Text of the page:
How democracies can counter authoritarian sharp power


All around the world, authoritarian governments are interfering with the institutions of democratic societies in ways that would have been unthinkable even during the Cold War, according to the National Endowment for Democracy’s Christopher WalkerShanthi Kalathil, and Jessica Ludwig.

Universities, news organizations, think tanks, film studios, museums, publishing houses, and every aspect of the political process are being targeted by outside influence. This kind of sharp power is so effective because institutions in democratic settings are open to the outside world and thus vulnerable to foreign manipulation. Policymakers within democracies need to grapple with the challenge of repelling outside influence while upholding essential democratic values, they write for Foreign Affairs.

The authoritarians’ full-spectrum approach demands an equally comprehensive response by democracies, with civil society playing a key role, they suggest:

Australia’s experience also shows that democracies cannot rely solely on governmental measures to address such a complex challenge. The world is still at an early stage of dealing with sharp power. … Journalists, civil society organizations, and country and subject matter experts must work together—within their own countries and with international counterparts—to analyze events, share information, and combine expertise. They should consider how they can agree upon common institutional standards to safeguard the integrity of the public sphere within their democracies.

Ideological architecture

China has been reshuffling its propaganda and censorship chiefs, according to reports, in an effort to “improve the country’s image abroad and ensure online views toe the Communist Party’s line.”

Democracies are increasingly vulnerable to the “sharp power” tactics of authoritarian regimes but should not adopt these same tactics in response, Harvard University’s Dr. Joseph S. Nye, Jr., and the NED’s Ms. Kalathil told Pacific Council members in the fourth installment of the 2018 Summer Teleconference Series, on the rise of authoritarianism.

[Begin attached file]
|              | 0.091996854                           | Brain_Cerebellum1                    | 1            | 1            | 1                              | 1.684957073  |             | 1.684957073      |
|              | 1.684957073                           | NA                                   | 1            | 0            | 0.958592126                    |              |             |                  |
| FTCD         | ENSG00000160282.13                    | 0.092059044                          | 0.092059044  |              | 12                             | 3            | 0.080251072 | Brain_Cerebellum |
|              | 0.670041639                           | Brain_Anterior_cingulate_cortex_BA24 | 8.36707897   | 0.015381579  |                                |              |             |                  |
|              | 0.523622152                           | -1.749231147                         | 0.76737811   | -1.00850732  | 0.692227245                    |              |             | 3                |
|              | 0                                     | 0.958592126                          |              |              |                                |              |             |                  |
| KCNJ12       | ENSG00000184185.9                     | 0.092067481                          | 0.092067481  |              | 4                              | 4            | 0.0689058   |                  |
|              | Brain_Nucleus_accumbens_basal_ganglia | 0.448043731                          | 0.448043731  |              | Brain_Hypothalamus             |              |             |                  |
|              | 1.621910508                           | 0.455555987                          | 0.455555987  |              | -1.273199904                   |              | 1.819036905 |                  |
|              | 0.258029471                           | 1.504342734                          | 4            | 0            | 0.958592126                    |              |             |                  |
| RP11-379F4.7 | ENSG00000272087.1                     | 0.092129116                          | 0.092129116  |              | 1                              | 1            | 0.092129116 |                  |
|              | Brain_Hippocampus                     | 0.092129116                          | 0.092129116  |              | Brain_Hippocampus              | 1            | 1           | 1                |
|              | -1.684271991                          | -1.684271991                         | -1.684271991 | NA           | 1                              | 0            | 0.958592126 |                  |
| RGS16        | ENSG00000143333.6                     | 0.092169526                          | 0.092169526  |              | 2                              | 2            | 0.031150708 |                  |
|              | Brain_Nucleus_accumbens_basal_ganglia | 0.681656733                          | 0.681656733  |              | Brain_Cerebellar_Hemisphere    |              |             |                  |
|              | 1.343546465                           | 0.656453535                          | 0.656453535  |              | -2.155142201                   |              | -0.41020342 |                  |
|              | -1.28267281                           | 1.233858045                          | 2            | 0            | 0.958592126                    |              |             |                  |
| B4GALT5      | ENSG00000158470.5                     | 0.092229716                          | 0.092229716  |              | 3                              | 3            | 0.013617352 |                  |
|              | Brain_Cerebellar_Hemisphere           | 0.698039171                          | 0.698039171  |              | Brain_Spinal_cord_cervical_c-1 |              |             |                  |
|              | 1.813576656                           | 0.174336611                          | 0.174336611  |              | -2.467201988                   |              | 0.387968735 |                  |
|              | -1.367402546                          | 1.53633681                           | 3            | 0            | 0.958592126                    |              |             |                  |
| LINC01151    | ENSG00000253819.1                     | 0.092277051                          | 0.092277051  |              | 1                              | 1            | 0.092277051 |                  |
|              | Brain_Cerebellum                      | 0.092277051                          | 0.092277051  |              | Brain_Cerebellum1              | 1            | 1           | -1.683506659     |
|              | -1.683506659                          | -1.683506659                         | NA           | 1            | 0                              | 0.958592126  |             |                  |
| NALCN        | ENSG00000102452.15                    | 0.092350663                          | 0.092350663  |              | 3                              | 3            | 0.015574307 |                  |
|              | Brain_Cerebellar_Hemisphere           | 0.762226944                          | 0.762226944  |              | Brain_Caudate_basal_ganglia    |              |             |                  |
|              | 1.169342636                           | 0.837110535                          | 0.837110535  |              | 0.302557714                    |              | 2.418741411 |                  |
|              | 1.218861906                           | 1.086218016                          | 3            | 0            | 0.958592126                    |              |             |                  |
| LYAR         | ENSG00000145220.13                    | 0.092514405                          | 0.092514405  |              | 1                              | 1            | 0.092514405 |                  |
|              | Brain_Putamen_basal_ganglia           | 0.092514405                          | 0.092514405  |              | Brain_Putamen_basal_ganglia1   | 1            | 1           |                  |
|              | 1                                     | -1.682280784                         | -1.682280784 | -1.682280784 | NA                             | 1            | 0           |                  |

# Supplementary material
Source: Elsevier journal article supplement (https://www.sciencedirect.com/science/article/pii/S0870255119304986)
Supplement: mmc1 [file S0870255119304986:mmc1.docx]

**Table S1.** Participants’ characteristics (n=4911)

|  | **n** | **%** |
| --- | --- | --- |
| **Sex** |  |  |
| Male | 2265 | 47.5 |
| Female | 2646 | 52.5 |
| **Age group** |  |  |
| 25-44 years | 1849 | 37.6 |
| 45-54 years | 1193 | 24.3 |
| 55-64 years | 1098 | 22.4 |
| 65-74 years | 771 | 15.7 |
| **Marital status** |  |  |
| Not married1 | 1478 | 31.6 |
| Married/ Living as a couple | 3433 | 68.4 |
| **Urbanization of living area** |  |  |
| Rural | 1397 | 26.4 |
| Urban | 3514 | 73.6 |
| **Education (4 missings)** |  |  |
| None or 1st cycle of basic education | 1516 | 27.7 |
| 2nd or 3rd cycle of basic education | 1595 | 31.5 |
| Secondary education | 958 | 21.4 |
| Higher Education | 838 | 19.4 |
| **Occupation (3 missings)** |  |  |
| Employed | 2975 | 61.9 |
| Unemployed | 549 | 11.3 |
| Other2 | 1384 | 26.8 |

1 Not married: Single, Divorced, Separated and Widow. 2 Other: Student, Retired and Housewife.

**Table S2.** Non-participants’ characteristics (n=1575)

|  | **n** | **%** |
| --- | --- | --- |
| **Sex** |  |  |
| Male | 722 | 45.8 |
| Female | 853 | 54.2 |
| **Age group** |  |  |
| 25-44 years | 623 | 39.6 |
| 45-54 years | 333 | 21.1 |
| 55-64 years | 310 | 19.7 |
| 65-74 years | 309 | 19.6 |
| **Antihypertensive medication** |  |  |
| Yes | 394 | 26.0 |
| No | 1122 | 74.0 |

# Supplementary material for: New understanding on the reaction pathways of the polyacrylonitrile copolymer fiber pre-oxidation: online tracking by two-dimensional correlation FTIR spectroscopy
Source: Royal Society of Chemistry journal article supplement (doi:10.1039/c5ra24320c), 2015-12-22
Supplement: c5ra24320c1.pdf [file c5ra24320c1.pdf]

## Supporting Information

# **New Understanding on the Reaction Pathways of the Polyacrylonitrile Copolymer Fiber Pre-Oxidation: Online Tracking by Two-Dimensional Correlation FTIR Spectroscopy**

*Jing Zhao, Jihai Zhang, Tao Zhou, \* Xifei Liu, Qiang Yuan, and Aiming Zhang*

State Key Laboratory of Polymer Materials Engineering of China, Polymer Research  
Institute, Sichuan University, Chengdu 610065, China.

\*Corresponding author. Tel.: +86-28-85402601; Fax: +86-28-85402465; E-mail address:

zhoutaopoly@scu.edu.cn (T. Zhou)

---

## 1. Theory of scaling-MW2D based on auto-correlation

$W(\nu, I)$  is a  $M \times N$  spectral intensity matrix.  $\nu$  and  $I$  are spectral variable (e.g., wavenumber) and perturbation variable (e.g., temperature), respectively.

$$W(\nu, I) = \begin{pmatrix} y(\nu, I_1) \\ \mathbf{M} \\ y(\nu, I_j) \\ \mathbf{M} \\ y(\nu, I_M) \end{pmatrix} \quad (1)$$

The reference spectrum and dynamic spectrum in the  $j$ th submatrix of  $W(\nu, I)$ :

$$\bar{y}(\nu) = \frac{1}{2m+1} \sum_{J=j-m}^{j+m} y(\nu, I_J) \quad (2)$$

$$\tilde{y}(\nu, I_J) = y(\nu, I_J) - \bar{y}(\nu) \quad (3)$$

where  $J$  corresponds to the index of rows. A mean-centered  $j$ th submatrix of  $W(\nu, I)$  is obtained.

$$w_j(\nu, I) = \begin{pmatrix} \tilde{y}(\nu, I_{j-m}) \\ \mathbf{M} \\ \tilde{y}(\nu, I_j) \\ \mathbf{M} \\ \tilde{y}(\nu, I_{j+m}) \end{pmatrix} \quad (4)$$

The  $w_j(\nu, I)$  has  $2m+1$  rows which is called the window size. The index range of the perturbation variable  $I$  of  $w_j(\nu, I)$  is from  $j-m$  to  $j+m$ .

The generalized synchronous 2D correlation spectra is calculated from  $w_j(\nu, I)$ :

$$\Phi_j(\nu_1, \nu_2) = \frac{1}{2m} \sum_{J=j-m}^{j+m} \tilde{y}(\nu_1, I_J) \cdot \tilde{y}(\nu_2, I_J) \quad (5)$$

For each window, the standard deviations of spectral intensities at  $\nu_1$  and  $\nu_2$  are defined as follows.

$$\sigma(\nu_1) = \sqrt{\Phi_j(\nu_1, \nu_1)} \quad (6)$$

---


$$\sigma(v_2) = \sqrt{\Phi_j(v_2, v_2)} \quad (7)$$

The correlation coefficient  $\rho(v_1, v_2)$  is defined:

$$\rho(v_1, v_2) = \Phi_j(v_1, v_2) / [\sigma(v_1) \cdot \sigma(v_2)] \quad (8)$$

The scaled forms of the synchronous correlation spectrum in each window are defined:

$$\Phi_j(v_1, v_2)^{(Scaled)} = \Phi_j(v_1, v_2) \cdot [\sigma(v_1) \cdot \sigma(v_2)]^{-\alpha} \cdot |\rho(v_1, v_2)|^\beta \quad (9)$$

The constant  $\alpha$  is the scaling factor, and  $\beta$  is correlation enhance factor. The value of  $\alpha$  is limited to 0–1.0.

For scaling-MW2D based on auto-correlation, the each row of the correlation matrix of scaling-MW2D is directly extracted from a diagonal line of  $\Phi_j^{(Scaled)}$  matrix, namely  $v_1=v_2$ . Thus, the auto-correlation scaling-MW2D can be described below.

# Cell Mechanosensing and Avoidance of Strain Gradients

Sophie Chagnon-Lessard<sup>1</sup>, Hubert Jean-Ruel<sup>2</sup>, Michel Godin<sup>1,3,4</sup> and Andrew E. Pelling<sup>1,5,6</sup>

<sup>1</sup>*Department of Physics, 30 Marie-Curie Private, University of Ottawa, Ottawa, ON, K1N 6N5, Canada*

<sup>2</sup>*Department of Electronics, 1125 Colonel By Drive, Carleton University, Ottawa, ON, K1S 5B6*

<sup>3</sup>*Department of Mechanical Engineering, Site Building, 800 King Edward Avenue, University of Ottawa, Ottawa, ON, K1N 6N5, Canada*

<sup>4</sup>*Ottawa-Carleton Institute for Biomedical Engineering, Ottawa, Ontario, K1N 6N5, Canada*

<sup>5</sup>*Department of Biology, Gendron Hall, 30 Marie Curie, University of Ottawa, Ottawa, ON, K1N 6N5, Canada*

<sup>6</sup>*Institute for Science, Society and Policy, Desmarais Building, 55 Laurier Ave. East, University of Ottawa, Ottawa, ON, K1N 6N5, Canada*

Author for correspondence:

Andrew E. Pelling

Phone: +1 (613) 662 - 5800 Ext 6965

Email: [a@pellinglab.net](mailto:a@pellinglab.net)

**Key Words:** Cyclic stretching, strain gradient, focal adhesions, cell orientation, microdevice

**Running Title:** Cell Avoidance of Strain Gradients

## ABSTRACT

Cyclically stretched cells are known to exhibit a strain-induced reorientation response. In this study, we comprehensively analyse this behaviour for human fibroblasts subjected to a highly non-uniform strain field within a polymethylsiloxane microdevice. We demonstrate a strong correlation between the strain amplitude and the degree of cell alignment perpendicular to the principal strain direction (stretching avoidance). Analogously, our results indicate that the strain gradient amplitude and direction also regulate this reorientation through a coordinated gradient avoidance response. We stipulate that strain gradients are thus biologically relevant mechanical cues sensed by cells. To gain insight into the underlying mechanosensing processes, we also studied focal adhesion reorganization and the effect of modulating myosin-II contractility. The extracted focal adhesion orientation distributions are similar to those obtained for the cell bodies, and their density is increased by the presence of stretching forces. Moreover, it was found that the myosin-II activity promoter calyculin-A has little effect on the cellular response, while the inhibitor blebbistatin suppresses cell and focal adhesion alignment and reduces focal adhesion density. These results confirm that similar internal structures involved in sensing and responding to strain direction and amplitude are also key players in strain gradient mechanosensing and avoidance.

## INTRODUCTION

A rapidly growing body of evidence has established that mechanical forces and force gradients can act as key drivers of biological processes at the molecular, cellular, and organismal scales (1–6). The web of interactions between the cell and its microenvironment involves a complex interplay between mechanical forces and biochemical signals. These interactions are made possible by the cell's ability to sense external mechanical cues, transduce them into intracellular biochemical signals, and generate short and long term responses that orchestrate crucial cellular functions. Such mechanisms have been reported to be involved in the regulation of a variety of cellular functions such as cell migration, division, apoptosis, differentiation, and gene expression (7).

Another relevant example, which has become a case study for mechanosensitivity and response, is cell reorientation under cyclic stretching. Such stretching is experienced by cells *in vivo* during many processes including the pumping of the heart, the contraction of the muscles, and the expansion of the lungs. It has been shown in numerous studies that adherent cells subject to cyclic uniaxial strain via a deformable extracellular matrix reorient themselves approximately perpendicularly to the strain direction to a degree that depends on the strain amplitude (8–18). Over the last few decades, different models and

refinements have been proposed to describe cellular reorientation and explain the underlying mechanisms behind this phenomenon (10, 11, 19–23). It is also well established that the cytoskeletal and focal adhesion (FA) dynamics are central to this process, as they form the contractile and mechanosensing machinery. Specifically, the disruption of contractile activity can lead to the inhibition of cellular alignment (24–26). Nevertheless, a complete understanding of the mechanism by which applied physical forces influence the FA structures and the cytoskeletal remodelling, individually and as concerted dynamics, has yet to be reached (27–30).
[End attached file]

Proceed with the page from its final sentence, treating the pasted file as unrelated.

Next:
Authoritarian regimes’ sharp power initiatives “were not necessarily aimed at winning hearts and minds in the general publics of the democracies, but instead they sought to manipulate the information environment by encouraging policy elites and thought leaders in the democracies to adopt particular narratives while at the same time acting to preempt, neutralize, and censor criticism of their regimes,” said the NED’s Ludwig, co-author of the report titled “Sharp Power”: Rising Authoritarian Influence in the Democratic World.

Authoritarian regimes tend to project values externally that they live by internally, Kalathil argued.

“When we examine the ways the major authoritarian regimes engage internationally we start to see how this manifests itself through what we call sharp power,” she said. “In China, the Communist Party is well aware that power depends not only on whose army wins but also on whose story wins. For them, this means shutting down contending views, literally erasing those views from public discourse by coercion, if necessary, and restricting that voluntary component on which true soft power depends.”

Listen to the full conversation here.

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